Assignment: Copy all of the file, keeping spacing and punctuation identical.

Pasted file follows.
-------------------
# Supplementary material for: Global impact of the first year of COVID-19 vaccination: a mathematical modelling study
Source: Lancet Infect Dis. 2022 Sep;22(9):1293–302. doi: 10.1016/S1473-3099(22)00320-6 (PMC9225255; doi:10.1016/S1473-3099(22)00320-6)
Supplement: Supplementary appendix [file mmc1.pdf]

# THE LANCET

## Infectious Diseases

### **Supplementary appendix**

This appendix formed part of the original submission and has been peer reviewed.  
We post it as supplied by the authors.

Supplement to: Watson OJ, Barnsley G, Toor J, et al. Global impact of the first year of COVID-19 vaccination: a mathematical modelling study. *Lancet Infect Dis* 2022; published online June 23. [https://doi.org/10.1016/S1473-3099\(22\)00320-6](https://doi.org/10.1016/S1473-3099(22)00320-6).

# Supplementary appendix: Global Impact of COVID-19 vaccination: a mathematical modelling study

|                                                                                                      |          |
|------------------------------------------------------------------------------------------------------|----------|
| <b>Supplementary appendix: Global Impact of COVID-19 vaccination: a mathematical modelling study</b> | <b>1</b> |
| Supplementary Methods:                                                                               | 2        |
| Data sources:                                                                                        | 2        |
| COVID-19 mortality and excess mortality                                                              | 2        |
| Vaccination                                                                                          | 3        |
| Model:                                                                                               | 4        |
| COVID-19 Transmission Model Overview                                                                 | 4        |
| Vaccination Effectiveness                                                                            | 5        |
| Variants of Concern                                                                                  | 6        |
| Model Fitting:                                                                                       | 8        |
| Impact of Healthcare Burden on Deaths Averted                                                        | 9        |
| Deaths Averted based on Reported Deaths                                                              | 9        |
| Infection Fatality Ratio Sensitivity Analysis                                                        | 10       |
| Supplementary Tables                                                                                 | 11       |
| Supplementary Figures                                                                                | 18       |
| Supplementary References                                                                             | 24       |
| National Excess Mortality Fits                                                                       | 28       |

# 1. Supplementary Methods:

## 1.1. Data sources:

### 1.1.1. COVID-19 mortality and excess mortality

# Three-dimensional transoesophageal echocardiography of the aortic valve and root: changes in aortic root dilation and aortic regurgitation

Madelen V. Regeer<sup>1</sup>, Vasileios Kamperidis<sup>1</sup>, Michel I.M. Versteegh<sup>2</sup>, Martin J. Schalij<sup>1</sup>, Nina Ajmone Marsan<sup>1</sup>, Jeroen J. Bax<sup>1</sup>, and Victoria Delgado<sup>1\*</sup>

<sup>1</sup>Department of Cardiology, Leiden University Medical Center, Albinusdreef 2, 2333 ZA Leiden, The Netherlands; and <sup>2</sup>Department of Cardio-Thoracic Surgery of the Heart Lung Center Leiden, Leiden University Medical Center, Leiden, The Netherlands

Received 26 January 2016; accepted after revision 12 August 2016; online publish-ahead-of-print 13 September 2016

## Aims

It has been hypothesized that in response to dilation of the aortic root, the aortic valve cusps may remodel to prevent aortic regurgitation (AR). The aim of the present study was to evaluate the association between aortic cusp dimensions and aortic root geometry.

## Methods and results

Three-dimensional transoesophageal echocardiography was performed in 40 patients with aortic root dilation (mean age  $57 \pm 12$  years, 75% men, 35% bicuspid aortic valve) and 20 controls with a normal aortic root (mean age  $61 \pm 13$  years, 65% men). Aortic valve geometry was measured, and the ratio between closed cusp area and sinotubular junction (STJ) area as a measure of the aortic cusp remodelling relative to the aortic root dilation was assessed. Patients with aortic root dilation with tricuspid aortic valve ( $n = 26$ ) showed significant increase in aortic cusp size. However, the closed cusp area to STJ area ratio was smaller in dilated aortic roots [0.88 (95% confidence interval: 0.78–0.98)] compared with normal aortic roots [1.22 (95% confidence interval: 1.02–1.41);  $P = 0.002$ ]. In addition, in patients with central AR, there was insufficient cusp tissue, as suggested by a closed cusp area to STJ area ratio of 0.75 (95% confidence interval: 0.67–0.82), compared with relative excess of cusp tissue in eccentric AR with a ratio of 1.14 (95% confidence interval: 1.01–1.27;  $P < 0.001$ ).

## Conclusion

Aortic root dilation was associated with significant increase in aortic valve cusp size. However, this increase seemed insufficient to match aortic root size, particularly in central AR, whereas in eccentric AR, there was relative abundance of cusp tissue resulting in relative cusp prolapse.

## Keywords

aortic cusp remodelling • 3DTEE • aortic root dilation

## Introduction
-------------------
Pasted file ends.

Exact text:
# Supplementary material for: Global impact of the first year of COVID-19 vaccination: a mathematical modelling study
Source: Lancet Infect Dis. 2022 Sep;22(9):1293–302. doi: 10.1016/S1473-3099(22)00320-6 (PMC9225255; doi:10.1016/S1473-3099(22)00320-6)
Supplement: Supplementary appendix [file mmc1.pdf]

# THE LANCET

## Infectious Diseases

### **Supplementary appendix**

This appendix formed part of the original submission and has been peer reviewed.  
We post it as supplied by the authors.

Supplement to: Watson OJ, Barnsley G, Toor J, et al. Global impact of the first year of COVID-19 vaccination: a mathematical modelling study. *Lancet Infect Dis* 2022; published online June 23. [https://doi.org/10.1016/S1473-3099\(22\)00320-6](https://doi.org/10.1016/S1473-3099(22)00320-6).

# Supplementary appendix: Global Impact of COVID-19 vaccination: a mathematical modelling study

|                                                                                                      |          |
|------------------------------------------------------------------------------------------------------|----------|
| <b>Supplementary appendix: Global Impact of COVID-19 vaccination: a mathematical modelling study</b> | <b>1</b> |
| Supplementary Methods:                                                                               | 2        |
| Data sources:                                                                                        | 2        |
| COVID-19 mortality and excess mortality                                                              | 2        |
| Vaccination                                                                                          | 3        |
| Model:                                                                                               | 4        |
| COVID-19 Transmission Model Overview                                                                 | 4        |
| Vaccination Effectiveness                                                                            | 5        |
| Variants of Concern                                                                                  | 6        |
| Model Fitting:                                                                                       | 8        |
| Impact of Healthcare Burden on Deaths Averted                                                        | 9        |
| Deaths Averted based on Reported Deaths                                                              | 9        |
| Infection Fatality Ratio Sensitivity Analysis                                                        | 10       |
| Supplementary Tables                                                                                 | 11       |
| Supplementary Figures                                                                                | 18       |
| Supplementary References                                                                             | 24       |
| National Excess Mortality Fits                                                                       | 28       |

# 1. Supplementary Methods:

## 1.1. Data sources:

### 1.1.1. COVID-19 mortality and excess mortality

# Three-dimensional transoesophageal echocardiography of the aortic valve and root: changes in aortic root dilation and aortic regurgitation

Madelen V. Regeer<sup>1</sup>, Vasileios Kamperidis<sup>1</sup>, Michel I.M. Versteegh<sup>2</sup>, Martin J. Schalij<sup>1</sup>, Nina Ajmone Marsan<sup>1</sup>, Jeroen J. Bax<sup>1</sup>, and Victoria Delgado<sup>1\*</sup>

<sup>1</sup>Department of Cardiology, Leiden University Medical Center, Albinusdreef 2, 2333 ZA Leiden, The Netherlands; and <sup>2</sup>Department of Cardio-Thoracic Surgery of the Heart Lung Center Leiden, Leiden University Medical Center, Leiden, The Netherlands

Received 26 January 2016; accepted after revision 12 August 2016; online publish-ahead-of-print 13 September 2016

## Aims

It has been hypothesized that in response to dilation of the aortic root, the aortic valve cusps may remodel to prevent aortic regurgitation (AR). The aim of the present study was to evaluate the association between aortic cusp dimensions and aortic root geometry.

## Methods and results

Three-dimensional transoesophageal echocardiography was performed in 40 patients with aortic root dilation (mean age  $57 \pm 12$  years, 75% men, 35% bicuspid aortic valve) and 20 controls with a normal aortic root (mean age  $61 \pm 13$  years, 65% men). Aortic valve geometry was measured, and the ratio between closed cusp area and sinotubular junction (STJ) area as a measure of the aortic cusp remodelling relative to the aortic root dilation was assessed. Patients with aortic root dilation with tricuspid aortic valve ( $n = 26$ ) showed significant increase in aortic cusp size. However, the closed cusp area to STJ area ratio was smaller in dilated aortic roots [0.88 (95% confidence interval: 0.78–0.98)] compared with normal aortic roots [1.22 (95% confidence interval: 1.02–1.41);  $P = 0.002$ ]. In addition, in patients with central AR, there was insufficient cusp tissue, as suggested by a closed cusp area to STJ area ratio of 0.75 (95% confidence interval: 0.67–0.82), compared with relative excess of cusp tissue in eccentric AR with a ratio of 1.14 (95% confidence interval: 1.01–1.27;  $P < 0.001$ ).

## Conclusion

Aortic root dilation was associated with significant increase in aortic valve cusp size. However, this increase seemed insufficient to match aortic root size, particularly in central AR, whereas in eccentric AR, there was relative abundance of cusp tissue resulting in relative cusp prolapse.

## Keywords

aortic cusp remodelling • 3DTEE • aortic root dilation

## Introduction